The next big investment theme could be a cancer treatment
by Lucinda Shen
One of the most promising long-term investment opportunities could be a cancer treatment known as immunotherapy, according to UBS’s global chief investment officer.
“This emerging science offers the potential for attractive returns,” said Mark Haefele, who overseas the investment policy and strategy for $2 trillion.
Immunotherapy is an increasingly popular cancer treatment that, roughly put, trains the body’s immune system to aggressively attack cancerous cells that wouldn’t ordinarily be recognized as threatening.
The immune system often overlooks cancer cells, but multiple types of immunotherapy have been developed in the past decade to address that.
Some treatments create proteins that bind to cancerous cells, marking them for the immune system. Another treatment involves extracting the white blood cells most active against tumors in the patient’s body, and genetically modifying the cells to specifically attack cancerous cells.
‘A hope they couldn’t have fathomed’
The treatment came into focus just a few years ago, when clinical trials started showing promising results. In a 2013 test by Bristol-Myers Squibb, 22% of the 1,800 advanced melanomapatients treated with immunotherapy Yervoy were alive three years later.
“For physicians accustomed to losing every patient with advanced disease, the numbers bring a hope they couldn’t have fathomed a few years ago,” wrote Jennifer Couzin-Frankel for Science Magazine, after naming cancer immunotherapy as the breakthrough of 2013.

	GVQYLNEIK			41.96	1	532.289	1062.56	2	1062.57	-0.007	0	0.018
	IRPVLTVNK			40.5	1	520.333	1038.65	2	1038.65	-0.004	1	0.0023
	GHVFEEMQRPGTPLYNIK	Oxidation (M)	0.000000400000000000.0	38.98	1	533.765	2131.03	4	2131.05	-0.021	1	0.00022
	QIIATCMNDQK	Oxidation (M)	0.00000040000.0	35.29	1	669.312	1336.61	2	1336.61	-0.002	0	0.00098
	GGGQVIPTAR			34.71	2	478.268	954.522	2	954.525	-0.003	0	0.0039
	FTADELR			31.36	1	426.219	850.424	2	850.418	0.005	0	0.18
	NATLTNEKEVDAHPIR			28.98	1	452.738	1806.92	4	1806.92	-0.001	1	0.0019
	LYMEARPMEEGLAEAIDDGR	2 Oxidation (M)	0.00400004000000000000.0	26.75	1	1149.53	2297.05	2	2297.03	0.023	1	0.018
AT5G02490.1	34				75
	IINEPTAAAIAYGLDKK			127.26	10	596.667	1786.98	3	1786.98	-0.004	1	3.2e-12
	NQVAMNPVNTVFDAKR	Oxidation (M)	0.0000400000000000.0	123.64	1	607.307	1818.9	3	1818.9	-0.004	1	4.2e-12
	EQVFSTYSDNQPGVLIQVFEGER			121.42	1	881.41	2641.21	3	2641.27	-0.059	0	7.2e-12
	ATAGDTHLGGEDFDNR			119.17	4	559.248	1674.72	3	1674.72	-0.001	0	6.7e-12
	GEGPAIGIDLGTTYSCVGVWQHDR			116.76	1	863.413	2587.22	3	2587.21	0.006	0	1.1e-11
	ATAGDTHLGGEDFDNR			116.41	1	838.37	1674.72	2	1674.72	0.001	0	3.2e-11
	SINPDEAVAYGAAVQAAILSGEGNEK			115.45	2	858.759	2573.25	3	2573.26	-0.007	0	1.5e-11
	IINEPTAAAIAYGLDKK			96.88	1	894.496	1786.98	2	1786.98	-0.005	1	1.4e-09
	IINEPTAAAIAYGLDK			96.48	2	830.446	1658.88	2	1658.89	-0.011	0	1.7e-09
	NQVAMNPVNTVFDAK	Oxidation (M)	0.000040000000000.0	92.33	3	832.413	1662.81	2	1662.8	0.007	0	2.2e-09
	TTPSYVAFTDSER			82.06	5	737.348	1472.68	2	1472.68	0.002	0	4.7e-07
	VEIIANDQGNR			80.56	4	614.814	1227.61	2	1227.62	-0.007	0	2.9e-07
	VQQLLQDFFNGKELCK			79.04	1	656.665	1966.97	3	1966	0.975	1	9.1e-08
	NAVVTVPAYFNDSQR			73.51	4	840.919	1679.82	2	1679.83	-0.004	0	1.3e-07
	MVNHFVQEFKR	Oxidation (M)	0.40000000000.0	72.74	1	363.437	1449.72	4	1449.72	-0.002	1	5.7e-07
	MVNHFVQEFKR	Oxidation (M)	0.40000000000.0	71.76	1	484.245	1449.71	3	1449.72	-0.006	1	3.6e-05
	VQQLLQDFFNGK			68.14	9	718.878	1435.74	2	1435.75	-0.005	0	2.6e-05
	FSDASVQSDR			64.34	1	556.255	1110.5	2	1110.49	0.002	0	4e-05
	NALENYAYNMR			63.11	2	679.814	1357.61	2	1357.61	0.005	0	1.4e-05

“The market for cancer treatments is expanding rapidly as populations age, and governments, insurers, and individuals are spending more on treatments that can extend life,” Haefele said.
“The spending per cancer patient rose by about 60% between 2010 and 2014 in the US, Germany, and Canada.”
For many, the promising technique could offer another chance for patients that have exhausted traditional options. And the therapy is expected to cost nearly double the average per patient rate in the US.
“Early versions of immunotherapies can be expected to command a high price – upward of $100,00 per patient per year,” Haefele wrote.
Wall Street has already caught on. The first ETF dedicated to tracking companies that develop and research the treatment, the Loncar Cancer Immunotherapy Index, began trading on the Nasdaq exchange in October.
Biotech giant Amgen gained FDA approval for its immunotherapy drug targeting leukemia, Blincyto, in 2014. Large-cap pharmaceutical company AstraZeneca also has a heavy platform in immunotherapy. The company struck a deal with Sosei’s biotech unit for the right to start experimental treatment with immunotherapy in August in a deal that could be worth upward of $500 million.
In recent months, Germany’s Merck & Co. gained accelerated FDA approval for its immunotherapy treatment for lung cancer, Keyruda. Embattled Canadian pharmaceutical giant Valeant also owns the rights to a metastatic prostate cancer immunotherapy known as Provenge.
And Business Insider reported this week that Bristol-Myers Squibb had received FDA to expand the use of a new type of immuno-oncology drug.
“We believe some of these drugs will hit the market in the coming two years with multi-billion dollar sales potential,” Haefele said.
“Companies highly exposed to successful immunotherapy drugs are likely to offer above-GDP earnings growth, elevated returns on capital, and growing dividends.”